The variations verified in the WB test indeterminate results can be partially explained by the different methods used during the period, by the possibility of cross reaction with new varieties of HTLV12, cross reaction with other viruses, such as the dengue virus13, chickenpox and herpes simplex14, severe acute respiratory syndrome virus (SARS)15, malaria14,16 and by the presence of individuals in the initial stages of HTLV infection17.

The low return rate for the confirmatory test (46.3%) demonstrated the need to reevaluate the current methods of dealing with reactive donors in the blood center. The current practice of sending three consecutive letters could be improved by telephonic contact, for example. Another improvement could be the use of WB testing in the first ELISA positive screening sample. The low return rate was not uniform, with some cities reporting a higher number of positive cases that did not return for the WB. This could be explained by the differences in distance between the donor residence and the blood bank, making it more difficult to return to draw a second sample.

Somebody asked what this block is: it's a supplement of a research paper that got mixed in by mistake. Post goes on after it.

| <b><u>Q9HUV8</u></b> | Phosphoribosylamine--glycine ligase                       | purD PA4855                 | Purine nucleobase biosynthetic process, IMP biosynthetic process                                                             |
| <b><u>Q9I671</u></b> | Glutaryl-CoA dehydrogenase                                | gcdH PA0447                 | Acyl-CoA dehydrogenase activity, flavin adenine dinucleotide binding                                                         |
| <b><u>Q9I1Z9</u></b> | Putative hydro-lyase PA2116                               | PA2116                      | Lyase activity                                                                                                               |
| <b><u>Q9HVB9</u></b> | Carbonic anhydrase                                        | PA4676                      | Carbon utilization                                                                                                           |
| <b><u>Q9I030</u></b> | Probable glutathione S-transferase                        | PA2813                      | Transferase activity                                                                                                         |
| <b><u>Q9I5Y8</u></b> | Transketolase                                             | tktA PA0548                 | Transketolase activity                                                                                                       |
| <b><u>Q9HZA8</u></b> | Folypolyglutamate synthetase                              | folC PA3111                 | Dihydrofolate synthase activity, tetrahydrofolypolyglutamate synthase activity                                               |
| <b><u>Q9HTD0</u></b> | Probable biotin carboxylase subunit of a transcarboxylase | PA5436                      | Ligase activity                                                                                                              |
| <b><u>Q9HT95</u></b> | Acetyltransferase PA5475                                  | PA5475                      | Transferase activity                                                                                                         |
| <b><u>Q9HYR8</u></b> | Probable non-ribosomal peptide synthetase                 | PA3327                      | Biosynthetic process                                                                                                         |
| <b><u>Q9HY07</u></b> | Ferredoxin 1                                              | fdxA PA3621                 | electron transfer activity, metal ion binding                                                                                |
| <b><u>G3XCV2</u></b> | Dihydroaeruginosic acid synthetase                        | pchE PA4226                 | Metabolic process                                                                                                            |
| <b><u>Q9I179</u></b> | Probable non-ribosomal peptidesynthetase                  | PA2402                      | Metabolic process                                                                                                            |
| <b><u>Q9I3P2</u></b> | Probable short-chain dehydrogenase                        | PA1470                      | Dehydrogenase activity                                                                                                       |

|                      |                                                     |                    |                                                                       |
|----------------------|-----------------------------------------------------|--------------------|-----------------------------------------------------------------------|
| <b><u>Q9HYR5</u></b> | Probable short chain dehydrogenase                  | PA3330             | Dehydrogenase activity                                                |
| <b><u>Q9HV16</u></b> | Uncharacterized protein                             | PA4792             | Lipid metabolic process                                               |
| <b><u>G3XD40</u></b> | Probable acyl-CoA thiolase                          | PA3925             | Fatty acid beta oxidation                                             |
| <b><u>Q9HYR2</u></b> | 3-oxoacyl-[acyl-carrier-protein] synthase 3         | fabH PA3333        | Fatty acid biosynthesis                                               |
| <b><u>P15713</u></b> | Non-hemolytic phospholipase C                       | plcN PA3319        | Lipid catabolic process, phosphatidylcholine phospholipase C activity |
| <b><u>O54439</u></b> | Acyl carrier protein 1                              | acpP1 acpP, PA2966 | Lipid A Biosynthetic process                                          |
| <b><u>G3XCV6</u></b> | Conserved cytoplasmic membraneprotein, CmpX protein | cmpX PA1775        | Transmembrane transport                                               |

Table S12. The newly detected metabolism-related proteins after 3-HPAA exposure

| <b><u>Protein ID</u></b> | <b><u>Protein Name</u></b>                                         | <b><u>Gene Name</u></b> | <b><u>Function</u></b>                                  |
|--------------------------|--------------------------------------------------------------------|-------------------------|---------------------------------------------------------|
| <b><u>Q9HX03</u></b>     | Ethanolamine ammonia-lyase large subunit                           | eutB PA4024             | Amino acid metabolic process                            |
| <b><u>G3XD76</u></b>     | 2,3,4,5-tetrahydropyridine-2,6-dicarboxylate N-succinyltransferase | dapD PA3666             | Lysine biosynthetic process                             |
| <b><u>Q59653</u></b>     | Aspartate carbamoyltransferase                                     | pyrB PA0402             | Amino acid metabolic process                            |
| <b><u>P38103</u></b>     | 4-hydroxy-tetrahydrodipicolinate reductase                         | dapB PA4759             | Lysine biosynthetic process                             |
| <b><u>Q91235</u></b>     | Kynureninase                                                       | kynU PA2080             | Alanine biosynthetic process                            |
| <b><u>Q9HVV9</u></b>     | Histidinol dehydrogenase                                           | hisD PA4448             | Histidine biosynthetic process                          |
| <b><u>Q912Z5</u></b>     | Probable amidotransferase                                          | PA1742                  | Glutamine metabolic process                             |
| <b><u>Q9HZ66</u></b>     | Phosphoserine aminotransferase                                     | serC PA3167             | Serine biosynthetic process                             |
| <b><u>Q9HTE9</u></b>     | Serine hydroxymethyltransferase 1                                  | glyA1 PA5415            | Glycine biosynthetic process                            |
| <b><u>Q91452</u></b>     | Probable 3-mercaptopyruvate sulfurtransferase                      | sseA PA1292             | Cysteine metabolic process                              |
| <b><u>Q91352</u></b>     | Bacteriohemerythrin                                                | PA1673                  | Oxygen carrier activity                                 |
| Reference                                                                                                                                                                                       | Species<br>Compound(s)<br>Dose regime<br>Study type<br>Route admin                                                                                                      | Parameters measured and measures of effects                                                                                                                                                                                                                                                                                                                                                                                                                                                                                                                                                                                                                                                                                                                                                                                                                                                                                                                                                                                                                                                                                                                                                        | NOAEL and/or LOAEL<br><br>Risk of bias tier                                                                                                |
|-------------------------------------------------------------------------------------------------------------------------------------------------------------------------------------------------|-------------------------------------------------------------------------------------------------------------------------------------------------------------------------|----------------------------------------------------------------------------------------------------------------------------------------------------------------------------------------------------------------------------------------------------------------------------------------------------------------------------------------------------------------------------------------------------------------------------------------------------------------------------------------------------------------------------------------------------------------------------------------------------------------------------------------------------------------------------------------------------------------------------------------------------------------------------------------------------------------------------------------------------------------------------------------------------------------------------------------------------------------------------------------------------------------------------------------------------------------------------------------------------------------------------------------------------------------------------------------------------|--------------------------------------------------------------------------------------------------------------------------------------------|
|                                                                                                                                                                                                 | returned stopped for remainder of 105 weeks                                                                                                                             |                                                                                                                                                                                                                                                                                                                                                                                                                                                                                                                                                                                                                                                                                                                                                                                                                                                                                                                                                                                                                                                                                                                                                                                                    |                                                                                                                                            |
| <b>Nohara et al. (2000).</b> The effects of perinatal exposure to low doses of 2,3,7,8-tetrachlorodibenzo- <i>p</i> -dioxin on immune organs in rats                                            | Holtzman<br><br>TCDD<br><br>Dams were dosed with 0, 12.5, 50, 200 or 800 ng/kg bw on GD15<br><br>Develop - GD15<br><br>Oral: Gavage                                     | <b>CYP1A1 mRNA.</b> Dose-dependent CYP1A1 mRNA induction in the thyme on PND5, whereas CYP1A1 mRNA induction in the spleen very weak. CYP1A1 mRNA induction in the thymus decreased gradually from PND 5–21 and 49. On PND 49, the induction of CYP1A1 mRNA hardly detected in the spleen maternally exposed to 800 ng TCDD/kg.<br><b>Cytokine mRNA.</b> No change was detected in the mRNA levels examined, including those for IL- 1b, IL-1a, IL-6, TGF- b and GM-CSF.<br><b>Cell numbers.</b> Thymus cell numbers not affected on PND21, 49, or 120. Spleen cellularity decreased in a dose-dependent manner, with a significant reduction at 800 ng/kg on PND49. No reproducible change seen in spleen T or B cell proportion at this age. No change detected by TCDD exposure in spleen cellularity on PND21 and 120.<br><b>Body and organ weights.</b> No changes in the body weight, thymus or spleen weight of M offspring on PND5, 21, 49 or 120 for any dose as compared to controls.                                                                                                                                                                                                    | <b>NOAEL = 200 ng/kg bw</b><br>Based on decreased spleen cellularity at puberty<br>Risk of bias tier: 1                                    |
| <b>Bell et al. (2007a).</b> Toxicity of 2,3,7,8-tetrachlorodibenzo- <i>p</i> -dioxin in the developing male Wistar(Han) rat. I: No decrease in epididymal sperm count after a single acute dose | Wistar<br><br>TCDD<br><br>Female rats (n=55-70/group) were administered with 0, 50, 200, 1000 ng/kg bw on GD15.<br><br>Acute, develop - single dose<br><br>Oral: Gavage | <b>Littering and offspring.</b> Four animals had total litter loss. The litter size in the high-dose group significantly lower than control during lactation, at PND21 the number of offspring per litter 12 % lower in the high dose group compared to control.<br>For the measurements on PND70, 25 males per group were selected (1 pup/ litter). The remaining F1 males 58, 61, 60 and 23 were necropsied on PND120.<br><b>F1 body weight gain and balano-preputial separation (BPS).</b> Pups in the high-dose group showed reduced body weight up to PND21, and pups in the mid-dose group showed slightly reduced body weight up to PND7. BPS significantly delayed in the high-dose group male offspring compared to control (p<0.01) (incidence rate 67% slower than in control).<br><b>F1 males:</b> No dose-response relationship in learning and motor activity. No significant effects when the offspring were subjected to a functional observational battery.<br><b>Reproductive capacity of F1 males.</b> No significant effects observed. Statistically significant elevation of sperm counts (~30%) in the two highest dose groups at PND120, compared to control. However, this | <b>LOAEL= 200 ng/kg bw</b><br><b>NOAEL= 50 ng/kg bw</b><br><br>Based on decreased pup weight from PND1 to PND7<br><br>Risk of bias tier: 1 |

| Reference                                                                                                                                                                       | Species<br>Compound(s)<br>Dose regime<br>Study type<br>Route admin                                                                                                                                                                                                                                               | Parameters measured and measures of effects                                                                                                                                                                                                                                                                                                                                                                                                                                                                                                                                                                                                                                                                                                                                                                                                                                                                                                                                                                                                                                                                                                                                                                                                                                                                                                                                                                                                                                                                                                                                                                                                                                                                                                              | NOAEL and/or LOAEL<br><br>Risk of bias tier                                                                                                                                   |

According to the 2006 census of the National Research per Sample of Domiciles (Pesquisa Nacional por Amostra de Domicílios, PNAD)18, the racial distribution, based on skin color assessment in the State of Minas Gerais, for its 19.5 million inhabitants population was: 46.2% whites, 8.4% blacks, 45% mixed (mulatto) and 0.3% of other origin (Indigenous and Asian). In the blood donor population, a higher percentage of the mixed (mulatto) (62.3%) than the white population (33.9%) was verified. These differences may be a result of different skin color criteria. In the census, skin color is self-declared and in the Hemominas Foundation data, up to 2007, it was defined by the registration staff. From 2008 on, the Hemominas Foundation adopted the same criterion as the census for skin color definition. Concerning the analyses using skin color as surrogate for race, although we identified a similar pattern to that reported in the literature7, the present findings must be evaluated with caution due to the absence of data for 36 donors. Although the majority of apt donors are males, women showed a greater probability of being WB positive, as previously described7.